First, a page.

The key merit of studies based on driving simulator (DS) systems, in comparison with studies based on real-world MVC history and on-road driving, is that they include collisions. This allows us to directly investigate the factors associated with the collisions. DS systems have been used in previous studies to investigate the influence of visual field defects on driving ability,16–19 and the reliability of these systems has been confirmed by comparing their results with those obtained from on-road testing.20 ,21 Moreover, DS systems can investigate the effects of different configurations of visual field defects on the ability to avoid MVCs under standardised conditions. In this study, which included a large number of patients, we performed testing with a single, particularly dangerous type of driving scenario, in which an oncoming car at an intersection turned into the driver's path. Thus, taking advantage of the controlled conditions of a DS, this study investigated the role of specific visual subfields in a single type of collision.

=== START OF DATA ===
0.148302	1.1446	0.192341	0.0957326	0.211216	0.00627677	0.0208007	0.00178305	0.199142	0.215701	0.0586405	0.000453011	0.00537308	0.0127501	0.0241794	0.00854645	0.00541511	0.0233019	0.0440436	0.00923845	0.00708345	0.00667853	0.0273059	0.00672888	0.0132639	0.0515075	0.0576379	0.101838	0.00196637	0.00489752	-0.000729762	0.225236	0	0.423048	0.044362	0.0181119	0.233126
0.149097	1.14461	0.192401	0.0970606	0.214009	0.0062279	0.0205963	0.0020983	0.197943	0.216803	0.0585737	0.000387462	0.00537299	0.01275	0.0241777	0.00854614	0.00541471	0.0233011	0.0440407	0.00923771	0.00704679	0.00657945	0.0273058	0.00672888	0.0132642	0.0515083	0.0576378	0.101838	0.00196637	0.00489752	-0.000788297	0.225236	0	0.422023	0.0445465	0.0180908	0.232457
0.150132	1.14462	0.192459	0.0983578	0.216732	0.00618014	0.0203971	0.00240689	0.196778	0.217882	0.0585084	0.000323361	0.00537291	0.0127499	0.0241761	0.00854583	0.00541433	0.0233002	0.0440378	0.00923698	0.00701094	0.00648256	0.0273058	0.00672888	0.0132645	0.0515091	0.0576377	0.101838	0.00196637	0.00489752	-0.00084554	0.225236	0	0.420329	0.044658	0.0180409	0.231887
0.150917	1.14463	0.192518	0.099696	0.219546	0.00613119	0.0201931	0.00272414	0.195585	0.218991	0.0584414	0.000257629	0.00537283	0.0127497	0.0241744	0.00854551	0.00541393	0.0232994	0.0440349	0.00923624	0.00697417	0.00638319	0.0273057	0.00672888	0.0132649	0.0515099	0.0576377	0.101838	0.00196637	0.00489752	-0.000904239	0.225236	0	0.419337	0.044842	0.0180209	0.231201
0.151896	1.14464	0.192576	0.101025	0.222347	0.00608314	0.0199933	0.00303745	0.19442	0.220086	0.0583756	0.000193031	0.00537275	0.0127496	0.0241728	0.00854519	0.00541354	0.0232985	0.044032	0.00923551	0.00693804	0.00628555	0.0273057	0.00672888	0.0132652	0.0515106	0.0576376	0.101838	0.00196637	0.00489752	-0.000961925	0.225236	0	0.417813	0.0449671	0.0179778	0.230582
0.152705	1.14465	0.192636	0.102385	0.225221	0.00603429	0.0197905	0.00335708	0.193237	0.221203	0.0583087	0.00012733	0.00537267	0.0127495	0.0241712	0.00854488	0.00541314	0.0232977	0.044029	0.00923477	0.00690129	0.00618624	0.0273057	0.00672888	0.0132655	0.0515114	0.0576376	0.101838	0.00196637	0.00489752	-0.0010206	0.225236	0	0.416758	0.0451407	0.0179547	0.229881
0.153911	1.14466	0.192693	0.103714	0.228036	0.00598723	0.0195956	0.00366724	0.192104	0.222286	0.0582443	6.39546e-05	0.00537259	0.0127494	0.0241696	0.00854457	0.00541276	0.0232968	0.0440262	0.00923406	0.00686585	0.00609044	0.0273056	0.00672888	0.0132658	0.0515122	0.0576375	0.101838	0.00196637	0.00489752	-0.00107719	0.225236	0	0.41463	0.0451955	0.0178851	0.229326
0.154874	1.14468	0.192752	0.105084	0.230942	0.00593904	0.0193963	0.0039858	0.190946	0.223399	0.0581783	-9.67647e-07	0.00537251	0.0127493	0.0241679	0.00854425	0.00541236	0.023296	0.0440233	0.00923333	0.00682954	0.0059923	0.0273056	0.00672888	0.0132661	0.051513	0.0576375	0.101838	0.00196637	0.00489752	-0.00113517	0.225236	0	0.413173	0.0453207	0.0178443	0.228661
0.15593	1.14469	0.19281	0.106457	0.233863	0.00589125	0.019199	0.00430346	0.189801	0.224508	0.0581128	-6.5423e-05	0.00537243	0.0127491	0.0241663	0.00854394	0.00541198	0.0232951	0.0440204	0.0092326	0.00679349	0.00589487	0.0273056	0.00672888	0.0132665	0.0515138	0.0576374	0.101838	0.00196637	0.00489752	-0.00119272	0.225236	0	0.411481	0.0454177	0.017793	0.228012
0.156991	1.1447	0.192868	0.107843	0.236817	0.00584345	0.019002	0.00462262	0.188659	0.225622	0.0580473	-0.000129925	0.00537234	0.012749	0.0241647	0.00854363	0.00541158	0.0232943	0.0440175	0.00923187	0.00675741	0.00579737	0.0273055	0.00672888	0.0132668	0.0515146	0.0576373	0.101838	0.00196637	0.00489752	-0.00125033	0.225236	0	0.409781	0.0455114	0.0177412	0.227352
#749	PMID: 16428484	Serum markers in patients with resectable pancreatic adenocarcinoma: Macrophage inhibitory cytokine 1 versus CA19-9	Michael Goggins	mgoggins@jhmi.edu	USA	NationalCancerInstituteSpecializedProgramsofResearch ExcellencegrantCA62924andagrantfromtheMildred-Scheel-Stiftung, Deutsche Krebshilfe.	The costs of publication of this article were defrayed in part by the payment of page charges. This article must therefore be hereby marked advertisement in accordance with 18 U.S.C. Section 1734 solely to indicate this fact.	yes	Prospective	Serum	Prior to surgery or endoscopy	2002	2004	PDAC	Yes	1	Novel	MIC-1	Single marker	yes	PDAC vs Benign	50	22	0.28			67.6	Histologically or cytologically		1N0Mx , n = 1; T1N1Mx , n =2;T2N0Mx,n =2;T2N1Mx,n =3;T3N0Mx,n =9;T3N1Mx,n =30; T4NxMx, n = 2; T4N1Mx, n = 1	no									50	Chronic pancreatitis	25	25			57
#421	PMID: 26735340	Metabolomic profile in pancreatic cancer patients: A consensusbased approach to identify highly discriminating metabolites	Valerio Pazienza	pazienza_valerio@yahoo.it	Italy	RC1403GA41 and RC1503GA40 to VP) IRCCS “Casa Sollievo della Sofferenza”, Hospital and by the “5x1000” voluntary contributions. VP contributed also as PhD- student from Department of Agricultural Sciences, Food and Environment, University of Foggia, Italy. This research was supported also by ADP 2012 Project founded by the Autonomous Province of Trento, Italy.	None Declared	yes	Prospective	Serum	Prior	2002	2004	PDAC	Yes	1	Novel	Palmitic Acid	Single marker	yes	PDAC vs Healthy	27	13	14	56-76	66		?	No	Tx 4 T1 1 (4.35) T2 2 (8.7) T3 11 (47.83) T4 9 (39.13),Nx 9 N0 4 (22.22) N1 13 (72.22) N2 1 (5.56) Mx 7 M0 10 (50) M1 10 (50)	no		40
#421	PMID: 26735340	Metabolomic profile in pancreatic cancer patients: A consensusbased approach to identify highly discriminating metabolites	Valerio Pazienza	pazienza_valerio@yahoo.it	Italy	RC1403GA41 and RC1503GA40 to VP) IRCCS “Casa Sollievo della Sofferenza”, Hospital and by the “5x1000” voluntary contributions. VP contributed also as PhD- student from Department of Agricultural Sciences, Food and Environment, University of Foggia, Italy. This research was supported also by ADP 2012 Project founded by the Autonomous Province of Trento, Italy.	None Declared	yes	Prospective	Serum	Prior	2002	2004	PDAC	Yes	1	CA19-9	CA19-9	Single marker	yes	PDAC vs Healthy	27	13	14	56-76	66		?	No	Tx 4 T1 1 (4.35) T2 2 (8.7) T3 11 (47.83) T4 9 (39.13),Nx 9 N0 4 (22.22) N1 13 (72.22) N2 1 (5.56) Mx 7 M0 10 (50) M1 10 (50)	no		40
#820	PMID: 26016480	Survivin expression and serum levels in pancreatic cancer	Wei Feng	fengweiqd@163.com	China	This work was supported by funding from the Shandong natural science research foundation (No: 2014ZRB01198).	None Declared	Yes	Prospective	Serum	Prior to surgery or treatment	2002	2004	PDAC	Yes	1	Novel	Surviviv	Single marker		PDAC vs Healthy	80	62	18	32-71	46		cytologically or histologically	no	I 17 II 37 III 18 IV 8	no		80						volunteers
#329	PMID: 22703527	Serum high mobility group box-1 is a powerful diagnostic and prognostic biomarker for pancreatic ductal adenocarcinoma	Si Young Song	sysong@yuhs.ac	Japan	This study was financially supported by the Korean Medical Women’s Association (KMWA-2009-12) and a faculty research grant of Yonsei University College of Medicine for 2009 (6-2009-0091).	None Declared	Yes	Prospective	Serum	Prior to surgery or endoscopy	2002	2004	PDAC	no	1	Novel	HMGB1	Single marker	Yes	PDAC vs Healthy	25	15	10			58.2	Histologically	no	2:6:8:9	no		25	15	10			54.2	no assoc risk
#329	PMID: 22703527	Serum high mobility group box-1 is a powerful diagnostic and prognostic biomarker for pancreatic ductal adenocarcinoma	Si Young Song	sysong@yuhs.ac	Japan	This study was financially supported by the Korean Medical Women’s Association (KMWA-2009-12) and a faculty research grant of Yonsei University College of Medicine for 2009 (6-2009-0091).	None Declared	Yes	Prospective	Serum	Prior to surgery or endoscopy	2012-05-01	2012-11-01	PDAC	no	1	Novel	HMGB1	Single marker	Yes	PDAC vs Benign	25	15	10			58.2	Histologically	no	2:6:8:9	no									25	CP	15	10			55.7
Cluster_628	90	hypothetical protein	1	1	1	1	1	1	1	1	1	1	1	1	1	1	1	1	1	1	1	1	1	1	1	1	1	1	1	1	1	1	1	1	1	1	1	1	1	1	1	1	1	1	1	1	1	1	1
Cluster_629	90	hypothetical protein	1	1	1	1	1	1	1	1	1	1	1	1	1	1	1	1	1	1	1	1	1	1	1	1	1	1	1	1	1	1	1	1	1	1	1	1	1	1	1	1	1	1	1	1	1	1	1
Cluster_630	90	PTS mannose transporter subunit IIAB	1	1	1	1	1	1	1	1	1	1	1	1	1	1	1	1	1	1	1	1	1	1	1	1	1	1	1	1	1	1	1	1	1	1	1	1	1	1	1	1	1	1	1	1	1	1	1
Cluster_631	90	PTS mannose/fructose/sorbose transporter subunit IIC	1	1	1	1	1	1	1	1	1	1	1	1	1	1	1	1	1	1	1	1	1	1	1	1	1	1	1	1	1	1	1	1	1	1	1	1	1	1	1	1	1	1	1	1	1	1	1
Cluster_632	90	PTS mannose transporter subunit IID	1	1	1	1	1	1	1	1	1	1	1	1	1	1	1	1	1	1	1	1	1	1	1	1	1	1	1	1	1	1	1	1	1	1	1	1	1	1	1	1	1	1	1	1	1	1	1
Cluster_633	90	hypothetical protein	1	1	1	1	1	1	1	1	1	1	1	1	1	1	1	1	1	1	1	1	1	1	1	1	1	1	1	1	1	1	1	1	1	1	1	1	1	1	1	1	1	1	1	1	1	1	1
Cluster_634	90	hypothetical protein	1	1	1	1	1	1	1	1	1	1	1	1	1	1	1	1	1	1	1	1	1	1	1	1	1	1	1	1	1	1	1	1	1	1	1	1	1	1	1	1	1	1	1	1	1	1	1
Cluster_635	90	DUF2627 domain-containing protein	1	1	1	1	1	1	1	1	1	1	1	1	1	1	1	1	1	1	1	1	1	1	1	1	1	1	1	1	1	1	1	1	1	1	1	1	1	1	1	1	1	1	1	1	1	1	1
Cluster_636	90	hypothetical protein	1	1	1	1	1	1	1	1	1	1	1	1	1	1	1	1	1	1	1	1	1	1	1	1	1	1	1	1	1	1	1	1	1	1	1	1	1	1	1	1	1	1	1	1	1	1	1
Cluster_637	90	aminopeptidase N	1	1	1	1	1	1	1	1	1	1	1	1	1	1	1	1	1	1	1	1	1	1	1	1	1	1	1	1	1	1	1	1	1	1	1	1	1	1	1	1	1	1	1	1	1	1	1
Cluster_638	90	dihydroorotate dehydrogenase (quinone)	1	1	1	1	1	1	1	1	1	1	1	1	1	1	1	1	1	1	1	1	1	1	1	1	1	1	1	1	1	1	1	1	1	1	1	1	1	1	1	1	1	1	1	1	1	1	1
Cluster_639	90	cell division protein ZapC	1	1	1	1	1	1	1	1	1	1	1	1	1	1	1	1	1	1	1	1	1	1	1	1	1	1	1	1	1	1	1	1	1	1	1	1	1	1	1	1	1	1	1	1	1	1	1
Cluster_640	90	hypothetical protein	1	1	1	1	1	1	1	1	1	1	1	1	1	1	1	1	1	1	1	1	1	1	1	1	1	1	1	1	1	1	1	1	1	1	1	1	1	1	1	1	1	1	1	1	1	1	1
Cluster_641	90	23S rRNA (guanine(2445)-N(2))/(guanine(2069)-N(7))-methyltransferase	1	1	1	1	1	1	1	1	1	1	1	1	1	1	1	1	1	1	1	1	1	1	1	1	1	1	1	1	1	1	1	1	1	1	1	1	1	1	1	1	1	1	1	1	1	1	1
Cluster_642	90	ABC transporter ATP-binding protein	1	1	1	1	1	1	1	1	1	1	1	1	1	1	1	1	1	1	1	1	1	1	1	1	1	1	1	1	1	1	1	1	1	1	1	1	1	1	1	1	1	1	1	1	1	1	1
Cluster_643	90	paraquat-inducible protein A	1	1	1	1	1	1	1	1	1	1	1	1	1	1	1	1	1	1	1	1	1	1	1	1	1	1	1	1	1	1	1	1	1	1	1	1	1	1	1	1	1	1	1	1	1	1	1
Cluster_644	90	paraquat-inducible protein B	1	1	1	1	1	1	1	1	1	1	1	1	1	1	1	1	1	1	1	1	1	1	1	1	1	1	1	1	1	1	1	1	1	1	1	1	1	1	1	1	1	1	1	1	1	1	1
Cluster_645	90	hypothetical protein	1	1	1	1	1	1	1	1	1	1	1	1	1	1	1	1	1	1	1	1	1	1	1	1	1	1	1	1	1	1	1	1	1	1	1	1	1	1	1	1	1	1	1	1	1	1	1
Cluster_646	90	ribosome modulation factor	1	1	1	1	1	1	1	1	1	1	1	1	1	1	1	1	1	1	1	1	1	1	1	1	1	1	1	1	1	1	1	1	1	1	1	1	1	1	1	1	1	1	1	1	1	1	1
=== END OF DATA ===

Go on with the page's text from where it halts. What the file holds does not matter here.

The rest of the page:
Materials and methods
We included normal subjects and patients with advanced glaucoma, diagnosed as mean deviation (MD) values in both eyes of <−12 dB, measured with the Humphrey Visual Field Analyzer Swedish Interactive Threshold Algorithm standard 24-2 (HFA 24-2, Carl Zeiss Meditec, Dublin, California, USA). All participants were active drivers who had driven within at least the previous three months. All patients were examined at the Department of Ophthalmology of Jichi Medical University, the Tajimi Iwase Eye Clinic, the Department of Ophthalmology of Kanazawa University and the Department of Ophthalmology of Niigata University between September 2010 and July 2012 under identical conditions. To minimise bias arising from age, only subjects younger than 70 years old were included.